Moore and Derozio

The Harp, for the Irish, is symbolic of their cultural identity. Derozio uses this symbol not for its specifically Irish symbolism but for its symbolism as a people’s cultural identity to communicate the shared experience of colonialism between the Irish and Indian people

When we look at Thomas Moore’s “Dear Harp of my Country” we see him speaking of the harp of his country being found in “darkness” with “the cold chain of silence” upon it. Though, he “proudly” “unbounded” it giving the harp’s cords “light, freedom, and song”. He is reviving his culture by playing the harp. However, in the following stanza he bids his country’s harp farwell comparing the song he strung in the previous stanza to a wreath, which is typically used on a grave. His harp is dead. Again it is with the cold chain of silence upon it and until “touc’d by some hand less unworthy” will the harp sound again. There is a sense of reverence to the harp’s life here and a desire to reinstate it if not a hope that it will be. Likely, this life that Thomas Moore hopes for is the one the Irish lost in the unification of Ireland to England in The Act of Union.

The message of loss is similar in Derozio’s “The Harp of India”. The Indian harp is “unstrung forever” and the sighing over having lost its sound is “in vain”. She is “neglected, mute, and desolate” with silences fatal chain upon it. The Indian harp or Indian cultural identity is like the Irish one condemned to silence not with The Act of Union but with the Pious Claus that broadened the teaching of English India. This is more complicated when we think of the Indian people having lost their native language with this education that though having better prepared them for a life under English presence took away the language by which they created their subjectivity before. This is especially interesting when we think of Derozio as a teacher of English and a person critical of the Indian culture. He is mediating between two identities.  Though Derozio lives in a middle space that recognizes the faults of both extremes he is lamenting the loss of his Indian cultural identity in this poem the same way that the Irish do in a language and a form the English understand. He has appropriated the harps symbolism and the English language to tell people his experience of identity loss.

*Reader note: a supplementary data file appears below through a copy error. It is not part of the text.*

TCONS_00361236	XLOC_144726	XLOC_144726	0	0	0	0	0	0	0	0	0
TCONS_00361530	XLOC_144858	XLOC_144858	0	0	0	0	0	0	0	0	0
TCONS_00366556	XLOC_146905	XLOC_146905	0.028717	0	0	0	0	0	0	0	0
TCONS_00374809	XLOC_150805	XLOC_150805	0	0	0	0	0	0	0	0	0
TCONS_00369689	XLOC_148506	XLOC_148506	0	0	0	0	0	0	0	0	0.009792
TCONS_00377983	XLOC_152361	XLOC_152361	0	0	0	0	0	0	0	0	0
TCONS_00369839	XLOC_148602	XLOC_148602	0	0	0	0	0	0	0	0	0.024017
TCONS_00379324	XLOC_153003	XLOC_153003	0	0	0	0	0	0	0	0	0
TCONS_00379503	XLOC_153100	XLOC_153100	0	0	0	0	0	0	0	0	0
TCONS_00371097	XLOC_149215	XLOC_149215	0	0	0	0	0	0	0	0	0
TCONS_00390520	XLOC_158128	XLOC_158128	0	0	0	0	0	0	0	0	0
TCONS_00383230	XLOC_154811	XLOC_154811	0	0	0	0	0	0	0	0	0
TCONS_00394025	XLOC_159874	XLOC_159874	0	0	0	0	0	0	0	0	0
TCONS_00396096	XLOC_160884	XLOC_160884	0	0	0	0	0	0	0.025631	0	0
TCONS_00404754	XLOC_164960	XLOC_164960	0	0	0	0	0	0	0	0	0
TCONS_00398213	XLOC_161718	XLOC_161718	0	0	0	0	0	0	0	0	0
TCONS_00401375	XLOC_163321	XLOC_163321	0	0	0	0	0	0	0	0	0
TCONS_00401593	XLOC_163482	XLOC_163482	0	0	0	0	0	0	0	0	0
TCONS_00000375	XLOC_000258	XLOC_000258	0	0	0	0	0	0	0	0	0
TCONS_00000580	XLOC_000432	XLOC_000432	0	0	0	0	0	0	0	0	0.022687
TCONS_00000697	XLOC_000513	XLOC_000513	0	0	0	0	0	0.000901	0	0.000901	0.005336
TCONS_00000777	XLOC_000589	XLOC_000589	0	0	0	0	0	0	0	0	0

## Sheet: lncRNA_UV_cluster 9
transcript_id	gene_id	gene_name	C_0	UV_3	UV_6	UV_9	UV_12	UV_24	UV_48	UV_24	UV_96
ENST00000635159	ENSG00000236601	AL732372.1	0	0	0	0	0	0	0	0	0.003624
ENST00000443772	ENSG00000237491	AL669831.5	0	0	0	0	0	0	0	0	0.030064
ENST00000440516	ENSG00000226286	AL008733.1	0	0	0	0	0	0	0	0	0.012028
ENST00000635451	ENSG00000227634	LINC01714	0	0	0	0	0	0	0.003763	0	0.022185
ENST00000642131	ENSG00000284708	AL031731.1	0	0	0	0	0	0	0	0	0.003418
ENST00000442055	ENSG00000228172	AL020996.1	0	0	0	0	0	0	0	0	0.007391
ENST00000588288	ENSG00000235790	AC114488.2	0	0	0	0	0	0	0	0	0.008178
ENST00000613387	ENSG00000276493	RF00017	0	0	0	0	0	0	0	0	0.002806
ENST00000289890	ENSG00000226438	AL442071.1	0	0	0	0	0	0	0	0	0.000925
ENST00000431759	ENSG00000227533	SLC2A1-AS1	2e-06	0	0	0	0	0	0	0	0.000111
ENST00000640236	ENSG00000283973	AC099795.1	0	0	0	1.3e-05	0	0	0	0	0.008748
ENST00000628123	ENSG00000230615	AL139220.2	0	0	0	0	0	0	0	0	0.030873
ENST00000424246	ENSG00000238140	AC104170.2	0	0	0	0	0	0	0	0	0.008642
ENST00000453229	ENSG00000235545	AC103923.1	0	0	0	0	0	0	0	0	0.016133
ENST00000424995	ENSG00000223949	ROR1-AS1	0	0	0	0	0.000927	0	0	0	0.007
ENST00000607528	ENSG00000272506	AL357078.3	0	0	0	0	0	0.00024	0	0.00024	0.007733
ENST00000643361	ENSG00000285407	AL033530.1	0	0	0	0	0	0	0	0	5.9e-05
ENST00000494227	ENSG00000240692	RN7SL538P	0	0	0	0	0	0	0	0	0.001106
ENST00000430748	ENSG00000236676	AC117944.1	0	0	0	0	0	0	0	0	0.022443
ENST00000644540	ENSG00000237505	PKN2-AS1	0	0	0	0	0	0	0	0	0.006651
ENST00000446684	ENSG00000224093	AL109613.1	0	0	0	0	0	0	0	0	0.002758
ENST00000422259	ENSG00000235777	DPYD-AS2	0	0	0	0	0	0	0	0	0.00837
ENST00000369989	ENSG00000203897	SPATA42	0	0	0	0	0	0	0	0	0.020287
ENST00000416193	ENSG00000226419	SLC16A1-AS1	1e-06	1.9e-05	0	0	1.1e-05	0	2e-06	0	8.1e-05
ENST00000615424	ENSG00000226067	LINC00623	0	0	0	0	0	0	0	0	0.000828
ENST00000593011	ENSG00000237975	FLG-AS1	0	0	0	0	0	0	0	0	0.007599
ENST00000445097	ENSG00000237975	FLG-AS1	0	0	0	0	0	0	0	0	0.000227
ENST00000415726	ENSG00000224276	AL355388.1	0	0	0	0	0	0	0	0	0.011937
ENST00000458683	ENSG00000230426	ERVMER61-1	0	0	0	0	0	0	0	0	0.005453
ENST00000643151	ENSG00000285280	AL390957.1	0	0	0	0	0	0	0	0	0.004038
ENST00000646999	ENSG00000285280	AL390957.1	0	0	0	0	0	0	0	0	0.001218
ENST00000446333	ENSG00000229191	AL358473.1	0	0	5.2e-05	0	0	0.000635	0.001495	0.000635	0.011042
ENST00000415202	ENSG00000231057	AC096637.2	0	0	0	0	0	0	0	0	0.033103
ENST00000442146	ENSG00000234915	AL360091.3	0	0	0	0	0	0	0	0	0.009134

• Araceli Garcia Munoz

One thought on “Moore and Derozio

  1. I think the most original part of this post was the personification of the harp (saying that it was dead for example). I think as an improvement I would like to see more about how playing the harp revives culture. What do you mean by culture, even?


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